- Genesis 1:5 shows God as the Creator who imposes order on the cosmos, but Psalm 65:8 shows that this order is not just mechanical; it elicits joy and awe “at the ends of the earth.” This suggests that God’s act of separating day from night in Genesis 1:5 is not just a demonstration of power, but also an invitation to a relationship characterized by wonder and joy.
- Psalm 74:16, “Yours is the day, yours also the night; you have established wthe heavenly lights and the sun.”
- Psalm 74:16 reinforces the theme established in Genesis 1:5 by stating that both day and night are God’s domain. It echoes the sentiment that God’s sovereign authority encompasses not just the creation but also the ongoing governance of day and night.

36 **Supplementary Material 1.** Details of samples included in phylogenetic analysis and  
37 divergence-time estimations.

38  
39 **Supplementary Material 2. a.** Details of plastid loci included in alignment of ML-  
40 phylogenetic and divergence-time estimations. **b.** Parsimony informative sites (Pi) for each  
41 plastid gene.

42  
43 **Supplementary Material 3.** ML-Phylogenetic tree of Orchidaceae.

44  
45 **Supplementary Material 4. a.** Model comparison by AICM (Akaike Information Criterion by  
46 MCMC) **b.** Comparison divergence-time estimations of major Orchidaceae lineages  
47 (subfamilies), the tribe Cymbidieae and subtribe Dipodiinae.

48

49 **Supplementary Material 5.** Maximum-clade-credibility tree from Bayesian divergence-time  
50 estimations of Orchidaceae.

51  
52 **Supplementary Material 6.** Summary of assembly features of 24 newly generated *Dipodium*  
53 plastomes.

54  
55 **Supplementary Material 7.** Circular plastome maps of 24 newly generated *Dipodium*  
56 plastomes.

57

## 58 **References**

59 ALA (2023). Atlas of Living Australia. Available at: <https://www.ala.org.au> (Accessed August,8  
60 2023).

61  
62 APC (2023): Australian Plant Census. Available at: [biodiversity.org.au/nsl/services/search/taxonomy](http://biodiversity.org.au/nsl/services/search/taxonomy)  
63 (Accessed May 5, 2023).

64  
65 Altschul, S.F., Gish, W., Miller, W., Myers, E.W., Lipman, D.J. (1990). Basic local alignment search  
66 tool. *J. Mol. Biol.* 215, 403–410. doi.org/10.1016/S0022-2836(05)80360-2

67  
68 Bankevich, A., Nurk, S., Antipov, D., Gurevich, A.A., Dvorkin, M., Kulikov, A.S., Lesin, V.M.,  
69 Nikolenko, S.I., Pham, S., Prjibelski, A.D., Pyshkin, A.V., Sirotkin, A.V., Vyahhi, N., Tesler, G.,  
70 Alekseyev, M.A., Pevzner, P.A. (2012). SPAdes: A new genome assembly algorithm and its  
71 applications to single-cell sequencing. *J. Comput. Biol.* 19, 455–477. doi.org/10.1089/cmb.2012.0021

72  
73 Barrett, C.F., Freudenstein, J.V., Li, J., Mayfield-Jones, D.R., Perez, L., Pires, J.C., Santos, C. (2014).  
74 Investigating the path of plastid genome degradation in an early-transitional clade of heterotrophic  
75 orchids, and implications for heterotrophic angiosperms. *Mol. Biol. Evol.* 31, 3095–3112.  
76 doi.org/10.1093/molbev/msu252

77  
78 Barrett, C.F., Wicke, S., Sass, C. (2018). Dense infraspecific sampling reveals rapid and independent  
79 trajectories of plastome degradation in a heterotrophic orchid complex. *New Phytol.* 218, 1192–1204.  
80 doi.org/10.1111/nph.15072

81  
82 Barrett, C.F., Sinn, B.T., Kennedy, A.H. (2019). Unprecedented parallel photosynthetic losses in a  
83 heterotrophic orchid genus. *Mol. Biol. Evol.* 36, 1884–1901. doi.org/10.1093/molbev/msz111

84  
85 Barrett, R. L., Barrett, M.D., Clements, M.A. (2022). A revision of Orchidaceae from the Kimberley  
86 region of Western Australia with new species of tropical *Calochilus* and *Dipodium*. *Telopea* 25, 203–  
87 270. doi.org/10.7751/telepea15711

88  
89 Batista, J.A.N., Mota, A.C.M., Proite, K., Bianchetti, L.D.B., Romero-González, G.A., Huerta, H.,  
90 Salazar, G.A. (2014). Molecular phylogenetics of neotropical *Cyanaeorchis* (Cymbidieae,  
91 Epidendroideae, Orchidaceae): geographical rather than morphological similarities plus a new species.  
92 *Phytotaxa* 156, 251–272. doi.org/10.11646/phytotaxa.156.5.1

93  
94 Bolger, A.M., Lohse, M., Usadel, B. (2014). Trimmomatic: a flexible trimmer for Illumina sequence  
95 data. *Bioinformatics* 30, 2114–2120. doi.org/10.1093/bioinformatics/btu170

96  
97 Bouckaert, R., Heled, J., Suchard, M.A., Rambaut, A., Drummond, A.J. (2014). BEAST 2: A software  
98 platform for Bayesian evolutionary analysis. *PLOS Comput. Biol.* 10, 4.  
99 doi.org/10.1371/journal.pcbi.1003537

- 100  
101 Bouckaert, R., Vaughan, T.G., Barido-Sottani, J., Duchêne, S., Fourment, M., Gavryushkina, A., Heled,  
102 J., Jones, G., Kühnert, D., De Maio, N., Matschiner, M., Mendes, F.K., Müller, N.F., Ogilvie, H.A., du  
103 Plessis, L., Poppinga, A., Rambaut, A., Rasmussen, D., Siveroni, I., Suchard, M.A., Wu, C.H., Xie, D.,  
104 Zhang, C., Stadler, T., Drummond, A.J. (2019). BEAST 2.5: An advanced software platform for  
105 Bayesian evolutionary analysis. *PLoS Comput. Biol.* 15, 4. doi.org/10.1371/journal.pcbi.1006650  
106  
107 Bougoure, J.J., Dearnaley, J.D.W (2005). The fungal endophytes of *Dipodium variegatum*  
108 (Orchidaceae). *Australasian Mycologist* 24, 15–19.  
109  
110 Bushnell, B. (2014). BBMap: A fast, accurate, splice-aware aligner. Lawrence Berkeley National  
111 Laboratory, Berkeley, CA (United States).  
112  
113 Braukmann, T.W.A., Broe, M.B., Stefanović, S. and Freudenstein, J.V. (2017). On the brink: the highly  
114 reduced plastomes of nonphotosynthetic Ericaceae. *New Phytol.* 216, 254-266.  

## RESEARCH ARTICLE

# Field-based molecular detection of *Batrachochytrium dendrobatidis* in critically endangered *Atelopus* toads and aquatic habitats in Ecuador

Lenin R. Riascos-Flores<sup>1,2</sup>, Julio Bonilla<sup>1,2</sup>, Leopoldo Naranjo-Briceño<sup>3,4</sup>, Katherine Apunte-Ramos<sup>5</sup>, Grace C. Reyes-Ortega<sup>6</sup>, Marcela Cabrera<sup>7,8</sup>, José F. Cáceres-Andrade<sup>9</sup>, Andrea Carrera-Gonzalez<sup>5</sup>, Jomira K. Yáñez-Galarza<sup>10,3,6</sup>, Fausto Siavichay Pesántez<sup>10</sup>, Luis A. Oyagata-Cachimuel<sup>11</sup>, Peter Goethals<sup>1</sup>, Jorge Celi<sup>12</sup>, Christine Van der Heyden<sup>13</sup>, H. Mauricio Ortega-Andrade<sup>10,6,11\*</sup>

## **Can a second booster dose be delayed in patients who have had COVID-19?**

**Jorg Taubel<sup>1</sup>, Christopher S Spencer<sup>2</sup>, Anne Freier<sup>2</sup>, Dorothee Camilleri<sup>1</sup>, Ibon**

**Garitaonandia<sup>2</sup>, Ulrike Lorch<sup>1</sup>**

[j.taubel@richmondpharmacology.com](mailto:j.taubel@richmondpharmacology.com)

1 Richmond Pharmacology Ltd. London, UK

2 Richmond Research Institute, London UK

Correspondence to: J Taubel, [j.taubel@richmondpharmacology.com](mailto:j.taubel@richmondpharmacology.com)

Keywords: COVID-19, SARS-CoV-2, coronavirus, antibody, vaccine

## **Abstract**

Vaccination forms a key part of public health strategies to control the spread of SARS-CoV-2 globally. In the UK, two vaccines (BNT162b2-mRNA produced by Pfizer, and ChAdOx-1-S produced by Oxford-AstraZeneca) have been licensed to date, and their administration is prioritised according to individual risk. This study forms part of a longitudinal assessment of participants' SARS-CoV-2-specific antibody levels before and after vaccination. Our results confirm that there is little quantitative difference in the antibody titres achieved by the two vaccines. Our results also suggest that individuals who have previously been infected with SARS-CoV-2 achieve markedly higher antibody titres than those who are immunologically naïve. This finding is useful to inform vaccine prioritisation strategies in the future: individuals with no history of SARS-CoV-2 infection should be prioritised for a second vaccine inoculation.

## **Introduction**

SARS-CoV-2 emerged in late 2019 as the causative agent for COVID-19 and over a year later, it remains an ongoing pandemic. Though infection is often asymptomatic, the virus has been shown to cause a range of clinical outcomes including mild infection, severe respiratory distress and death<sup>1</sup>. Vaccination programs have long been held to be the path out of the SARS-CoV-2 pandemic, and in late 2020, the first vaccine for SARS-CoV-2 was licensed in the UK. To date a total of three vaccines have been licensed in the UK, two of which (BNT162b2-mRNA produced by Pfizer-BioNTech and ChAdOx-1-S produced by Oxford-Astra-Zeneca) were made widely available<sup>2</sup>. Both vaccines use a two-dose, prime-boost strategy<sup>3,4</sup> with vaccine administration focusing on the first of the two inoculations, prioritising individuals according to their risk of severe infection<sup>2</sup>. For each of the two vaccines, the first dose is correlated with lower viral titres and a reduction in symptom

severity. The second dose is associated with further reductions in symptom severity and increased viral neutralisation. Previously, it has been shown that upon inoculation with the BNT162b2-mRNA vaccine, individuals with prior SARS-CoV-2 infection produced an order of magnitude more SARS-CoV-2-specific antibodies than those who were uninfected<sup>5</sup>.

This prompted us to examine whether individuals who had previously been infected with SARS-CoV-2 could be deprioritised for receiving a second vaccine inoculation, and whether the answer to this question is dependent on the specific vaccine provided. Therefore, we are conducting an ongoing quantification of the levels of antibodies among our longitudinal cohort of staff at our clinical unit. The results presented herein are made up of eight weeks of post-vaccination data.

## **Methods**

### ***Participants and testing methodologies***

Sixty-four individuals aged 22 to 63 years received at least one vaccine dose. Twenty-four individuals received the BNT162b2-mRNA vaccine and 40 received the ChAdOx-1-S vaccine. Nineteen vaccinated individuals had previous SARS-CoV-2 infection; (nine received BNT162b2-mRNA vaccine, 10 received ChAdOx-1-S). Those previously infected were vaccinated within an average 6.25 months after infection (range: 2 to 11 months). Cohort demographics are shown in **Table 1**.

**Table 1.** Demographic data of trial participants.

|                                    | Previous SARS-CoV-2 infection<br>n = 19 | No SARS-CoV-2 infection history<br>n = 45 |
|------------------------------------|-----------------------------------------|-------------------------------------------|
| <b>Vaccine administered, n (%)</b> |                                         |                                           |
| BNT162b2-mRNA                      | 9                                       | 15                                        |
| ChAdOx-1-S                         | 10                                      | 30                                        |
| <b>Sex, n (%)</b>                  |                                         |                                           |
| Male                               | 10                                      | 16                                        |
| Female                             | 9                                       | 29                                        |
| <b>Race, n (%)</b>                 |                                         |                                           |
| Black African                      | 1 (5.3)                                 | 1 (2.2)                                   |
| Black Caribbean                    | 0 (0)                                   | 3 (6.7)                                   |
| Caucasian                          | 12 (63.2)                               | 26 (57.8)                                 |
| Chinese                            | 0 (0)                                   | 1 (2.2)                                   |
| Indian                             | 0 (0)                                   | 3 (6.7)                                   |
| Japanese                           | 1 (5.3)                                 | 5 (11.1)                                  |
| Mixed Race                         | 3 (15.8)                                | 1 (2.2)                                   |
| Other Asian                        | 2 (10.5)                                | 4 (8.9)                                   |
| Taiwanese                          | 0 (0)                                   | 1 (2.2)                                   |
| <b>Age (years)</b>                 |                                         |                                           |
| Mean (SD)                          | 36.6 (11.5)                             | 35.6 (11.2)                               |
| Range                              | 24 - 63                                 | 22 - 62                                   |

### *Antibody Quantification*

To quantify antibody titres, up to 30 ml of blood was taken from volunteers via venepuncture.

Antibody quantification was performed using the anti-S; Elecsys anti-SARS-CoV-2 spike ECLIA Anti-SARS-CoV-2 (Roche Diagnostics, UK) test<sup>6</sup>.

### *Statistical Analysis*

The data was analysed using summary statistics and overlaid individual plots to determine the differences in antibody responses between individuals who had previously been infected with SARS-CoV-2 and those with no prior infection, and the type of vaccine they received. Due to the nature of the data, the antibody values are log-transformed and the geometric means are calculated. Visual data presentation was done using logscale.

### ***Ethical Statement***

Spurgeon: “What, then, my soul, is it best for thee to do? Learn first to be content with this divine order, and be willing, with Job, to receive evil from the hand of the Lord as well as good. Study next, to make the outgoings of the morning and the evening to rejoice. Praise the Lord for the sun of joy when it rises, and for the gloom of evening as it falls. There is beauty both in sunrise and sunset, sing of it, and glorify the Lord. Like the nightingale, pour forth thy notes at all hours. Believe that the night is as useful as the day. The dews of grace fall heavily in the night of sorrow. The stars of promise shine forth gloriously amid the darkness of grief. Continue thy service under all changes. If in the day thy watchword be labour, at night exchange it for watch. Every hour has its duty, do thou continue in thy calling as the Lord’s servant until He shall suddenly appear in His glory. My soul, thine evening of old age and death is drawing near, dread it not, for it is part of the day; and the Lord has said, ‘I will cover him all the day long’.” (Morning and Evening, June 1, Morning, Genesis 1:5)